If another market downturn comes, officials at the South Dakota Retirement System want to be ready. That’s why they spent their last meeting talking about what they could do to mitigate damage if another downturn comes and plagues fund investments.
Among the options discussed: lower the fund’s assumed rate of return and raising the retirement age of new hires.
More from the Rapid City Journal:
The system trustees began talks at their quarterly meeting last week about what might be done if the system’s portfolio drops below 100 percent of fair value.
They are looking at possible responses in different scenarios, such as another crash where the value keeps dropping to the 80 percent range or worse.
The fair value stood at 107 percent of long-term liabilities as of the June 30 end of the 2014 fiscal year.
Among the questions now are whether the assumed rate of return for investments is too high at 7.25 percent annually and if so what should it be.
State investment officer Matt Clark said the council already is operating on an assumed rate of return that is less than the trustees’ assumption of 7.25 percent, because of the current conditions in the markets.
Trustees intend to take closer looks at various special benefits that aren’t available to all members because of their ages and marital status.
Trustees want costs and usage numbers for each of the special benefits.
Based on estimates using 2011-era use patterns, the special benefits are being subsidized by other members to the equivalent of about $1.6 billion in long-term liabilities.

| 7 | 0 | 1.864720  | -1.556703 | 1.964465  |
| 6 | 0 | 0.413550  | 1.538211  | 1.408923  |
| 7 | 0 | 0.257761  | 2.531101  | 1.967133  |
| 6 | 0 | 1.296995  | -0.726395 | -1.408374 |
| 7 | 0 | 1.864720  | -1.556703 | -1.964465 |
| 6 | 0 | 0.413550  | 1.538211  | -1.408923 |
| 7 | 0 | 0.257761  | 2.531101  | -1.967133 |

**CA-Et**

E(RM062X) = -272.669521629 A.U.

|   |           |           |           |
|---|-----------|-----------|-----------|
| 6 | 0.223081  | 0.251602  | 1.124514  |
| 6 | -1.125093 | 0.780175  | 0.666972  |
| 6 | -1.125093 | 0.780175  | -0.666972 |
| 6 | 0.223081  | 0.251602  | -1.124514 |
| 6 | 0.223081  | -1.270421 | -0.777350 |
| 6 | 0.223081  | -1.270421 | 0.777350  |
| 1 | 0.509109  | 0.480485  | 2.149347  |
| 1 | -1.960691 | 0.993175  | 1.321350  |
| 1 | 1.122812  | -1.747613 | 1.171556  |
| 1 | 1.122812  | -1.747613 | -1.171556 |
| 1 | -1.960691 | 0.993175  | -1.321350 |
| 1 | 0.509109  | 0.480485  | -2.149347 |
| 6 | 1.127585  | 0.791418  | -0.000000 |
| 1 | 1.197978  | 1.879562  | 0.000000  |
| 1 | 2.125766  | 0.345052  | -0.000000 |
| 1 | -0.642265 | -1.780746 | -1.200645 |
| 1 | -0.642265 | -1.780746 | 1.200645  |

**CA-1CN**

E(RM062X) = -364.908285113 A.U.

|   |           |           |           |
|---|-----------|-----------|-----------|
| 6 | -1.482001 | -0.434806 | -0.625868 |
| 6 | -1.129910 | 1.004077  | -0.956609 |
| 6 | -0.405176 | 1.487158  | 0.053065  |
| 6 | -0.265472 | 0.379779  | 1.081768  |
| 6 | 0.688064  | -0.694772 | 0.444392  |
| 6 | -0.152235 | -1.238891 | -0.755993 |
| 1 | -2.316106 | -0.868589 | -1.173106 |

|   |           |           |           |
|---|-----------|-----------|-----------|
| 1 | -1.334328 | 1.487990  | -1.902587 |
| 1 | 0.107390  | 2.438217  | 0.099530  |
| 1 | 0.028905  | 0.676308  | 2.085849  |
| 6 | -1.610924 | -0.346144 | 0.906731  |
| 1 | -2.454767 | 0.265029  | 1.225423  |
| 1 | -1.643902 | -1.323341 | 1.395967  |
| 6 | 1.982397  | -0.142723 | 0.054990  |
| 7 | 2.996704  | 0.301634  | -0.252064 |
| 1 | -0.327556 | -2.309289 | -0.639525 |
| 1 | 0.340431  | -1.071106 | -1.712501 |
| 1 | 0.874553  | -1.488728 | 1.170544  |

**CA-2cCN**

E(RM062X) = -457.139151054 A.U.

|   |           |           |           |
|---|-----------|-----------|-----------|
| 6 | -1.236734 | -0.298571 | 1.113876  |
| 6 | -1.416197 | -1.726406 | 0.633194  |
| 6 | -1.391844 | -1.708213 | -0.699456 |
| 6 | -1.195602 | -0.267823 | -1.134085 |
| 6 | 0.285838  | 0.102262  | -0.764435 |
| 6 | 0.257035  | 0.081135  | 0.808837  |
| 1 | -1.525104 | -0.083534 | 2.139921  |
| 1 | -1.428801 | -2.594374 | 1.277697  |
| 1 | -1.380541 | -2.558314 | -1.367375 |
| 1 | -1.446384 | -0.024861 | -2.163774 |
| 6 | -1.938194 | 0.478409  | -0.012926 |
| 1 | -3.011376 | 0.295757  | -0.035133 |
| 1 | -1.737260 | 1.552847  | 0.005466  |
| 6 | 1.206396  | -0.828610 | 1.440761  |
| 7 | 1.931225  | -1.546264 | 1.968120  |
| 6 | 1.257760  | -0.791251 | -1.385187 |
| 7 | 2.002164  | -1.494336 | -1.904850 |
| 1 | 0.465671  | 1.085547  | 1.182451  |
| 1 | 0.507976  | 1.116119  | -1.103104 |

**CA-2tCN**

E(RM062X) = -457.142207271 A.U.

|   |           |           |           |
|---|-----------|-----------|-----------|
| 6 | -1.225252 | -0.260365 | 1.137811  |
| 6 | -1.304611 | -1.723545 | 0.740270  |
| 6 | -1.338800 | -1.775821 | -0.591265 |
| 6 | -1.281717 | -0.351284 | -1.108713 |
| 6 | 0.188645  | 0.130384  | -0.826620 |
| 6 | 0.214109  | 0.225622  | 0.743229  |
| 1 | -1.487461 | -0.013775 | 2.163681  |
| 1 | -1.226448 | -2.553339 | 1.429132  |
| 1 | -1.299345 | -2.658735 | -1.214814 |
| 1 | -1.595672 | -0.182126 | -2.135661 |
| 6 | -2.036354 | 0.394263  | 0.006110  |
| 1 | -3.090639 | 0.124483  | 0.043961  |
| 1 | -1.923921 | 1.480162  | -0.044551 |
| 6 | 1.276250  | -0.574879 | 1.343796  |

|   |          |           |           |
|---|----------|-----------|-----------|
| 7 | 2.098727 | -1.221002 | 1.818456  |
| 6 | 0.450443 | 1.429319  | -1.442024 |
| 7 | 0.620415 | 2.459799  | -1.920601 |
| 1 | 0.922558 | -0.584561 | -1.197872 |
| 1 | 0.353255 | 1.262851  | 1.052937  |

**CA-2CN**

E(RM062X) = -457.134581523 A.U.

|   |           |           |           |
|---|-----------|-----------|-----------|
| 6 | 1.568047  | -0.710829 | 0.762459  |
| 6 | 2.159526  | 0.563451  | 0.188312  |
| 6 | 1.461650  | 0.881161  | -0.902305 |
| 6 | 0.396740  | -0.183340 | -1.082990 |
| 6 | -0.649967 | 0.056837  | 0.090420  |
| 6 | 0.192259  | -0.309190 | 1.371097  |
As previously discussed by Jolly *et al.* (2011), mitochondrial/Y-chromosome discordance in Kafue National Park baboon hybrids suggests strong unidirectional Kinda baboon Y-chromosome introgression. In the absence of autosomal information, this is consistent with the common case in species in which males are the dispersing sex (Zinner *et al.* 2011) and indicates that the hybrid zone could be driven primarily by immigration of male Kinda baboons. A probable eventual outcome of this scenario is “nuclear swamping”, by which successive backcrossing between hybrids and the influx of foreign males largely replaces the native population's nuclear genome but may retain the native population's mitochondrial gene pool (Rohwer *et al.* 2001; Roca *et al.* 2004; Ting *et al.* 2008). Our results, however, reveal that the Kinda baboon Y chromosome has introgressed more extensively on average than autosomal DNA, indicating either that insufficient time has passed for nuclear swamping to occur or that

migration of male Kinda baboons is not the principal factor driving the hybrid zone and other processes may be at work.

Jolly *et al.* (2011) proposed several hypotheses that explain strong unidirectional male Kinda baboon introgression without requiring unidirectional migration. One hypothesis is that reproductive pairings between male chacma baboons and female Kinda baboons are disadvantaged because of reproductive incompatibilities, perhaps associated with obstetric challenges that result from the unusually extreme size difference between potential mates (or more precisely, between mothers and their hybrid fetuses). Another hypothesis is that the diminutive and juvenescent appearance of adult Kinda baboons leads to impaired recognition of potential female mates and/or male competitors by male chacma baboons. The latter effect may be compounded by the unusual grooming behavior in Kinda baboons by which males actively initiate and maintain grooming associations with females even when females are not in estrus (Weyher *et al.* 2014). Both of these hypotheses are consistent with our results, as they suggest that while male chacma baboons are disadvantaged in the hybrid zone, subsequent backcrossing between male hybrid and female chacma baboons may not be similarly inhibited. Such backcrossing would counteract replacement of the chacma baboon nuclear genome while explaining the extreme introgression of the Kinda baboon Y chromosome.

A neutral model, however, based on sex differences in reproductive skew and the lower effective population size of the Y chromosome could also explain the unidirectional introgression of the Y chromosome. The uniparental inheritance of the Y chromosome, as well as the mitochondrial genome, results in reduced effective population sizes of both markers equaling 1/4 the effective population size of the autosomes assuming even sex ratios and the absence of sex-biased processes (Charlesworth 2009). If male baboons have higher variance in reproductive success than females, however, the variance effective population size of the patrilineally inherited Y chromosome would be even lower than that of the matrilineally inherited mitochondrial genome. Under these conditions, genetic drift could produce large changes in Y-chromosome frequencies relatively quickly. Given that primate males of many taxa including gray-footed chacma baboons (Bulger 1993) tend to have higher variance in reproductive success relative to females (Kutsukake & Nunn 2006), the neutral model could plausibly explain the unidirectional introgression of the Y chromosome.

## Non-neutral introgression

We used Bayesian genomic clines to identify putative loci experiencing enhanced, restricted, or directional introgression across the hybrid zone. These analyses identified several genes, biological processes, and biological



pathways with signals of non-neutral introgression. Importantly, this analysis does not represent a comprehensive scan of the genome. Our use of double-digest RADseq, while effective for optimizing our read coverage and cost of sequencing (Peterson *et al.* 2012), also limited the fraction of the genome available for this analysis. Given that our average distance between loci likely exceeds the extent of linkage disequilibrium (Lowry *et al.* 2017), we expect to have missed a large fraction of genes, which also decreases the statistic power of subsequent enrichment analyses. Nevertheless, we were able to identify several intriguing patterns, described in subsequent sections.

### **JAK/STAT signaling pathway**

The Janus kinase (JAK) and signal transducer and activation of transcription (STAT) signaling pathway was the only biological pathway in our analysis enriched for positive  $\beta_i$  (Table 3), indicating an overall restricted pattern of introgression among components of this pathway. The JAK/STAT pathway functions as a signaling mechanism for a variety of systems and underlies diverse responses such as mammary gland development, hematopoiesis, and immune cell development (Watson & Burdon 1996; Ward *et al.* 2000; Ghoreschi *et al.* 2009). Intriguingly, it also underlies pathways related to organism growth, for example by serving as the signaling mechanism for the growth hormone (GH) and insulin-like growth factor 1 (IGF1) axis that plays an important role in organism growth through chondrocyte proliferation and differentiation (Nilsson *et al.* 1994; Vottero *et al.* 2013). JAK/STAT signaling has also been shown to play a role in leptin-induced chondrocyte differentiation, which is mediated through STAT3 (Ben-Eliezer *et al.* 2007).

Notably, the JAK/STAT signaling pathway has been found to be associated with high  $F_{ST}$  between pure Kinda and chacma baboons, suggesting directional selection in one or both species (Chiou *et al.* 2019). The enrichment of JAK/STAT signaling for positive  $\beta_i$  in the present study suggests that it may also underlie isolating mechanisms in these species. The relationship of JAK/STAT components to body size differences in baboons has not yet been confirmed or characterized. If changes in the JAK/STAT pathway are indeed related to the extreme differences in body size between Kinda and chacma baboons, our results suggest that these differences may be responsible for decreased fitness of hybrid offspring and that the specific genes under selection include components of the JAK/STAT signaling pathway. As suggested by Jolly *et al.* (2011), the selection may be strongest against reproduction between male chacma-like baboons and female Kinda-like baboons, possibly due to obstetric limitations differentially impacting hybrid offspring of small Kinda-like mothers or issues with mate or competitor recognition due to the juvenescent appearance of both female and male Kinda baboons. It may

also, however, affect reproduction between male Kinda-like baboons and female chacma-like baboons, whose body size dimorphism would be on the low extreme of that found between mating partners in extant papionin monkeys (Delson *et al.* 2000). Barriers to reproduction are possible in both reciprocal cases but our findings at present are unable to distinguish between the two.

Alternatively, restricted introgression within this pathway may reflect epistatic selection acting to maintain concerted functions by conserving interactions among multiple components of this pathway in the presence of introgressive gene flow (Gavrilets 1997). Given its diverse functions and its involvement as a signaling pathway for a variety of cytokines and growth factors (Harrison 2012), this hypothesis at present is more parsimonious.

That is approximately one sixth of the system’s current fair value.
Trustee Jason Dilges, who is the governor’s commissioner of finance and management, asked for analysis showing what would happen if various special benefits didn’t apply to new employees.
Administrator Rob Wylie emphasized during the several hours of discussions Thursday that nothing is close to a decision.
He said a fifth meeting might become necessary in 2015 because of the additional work, however.
One general consideration might be recommending that a higher retirement age of 67 be applied to new employees of the governments that are SDRS members.
State government and state universities are the largest members of the system. Many school districts, counties, cities, law enforcement agencies and special units of government participate as well.
State law requires corrective actions when the system’s value falls below 80 percent. The most recent corrective actions came in 2010.
One was the flexible cost of living adjustment that ranges from a minimum of 2.1 percent to a maximum of 3.1 percent depending on the system’s funded status each year.
The South Dakota Retirement System controls $10.6 billion in pension assets.
Photo credit: “SouthDakota-StateSeal” by U.S. Government. Licensed under Public domain via Wikimedia Commons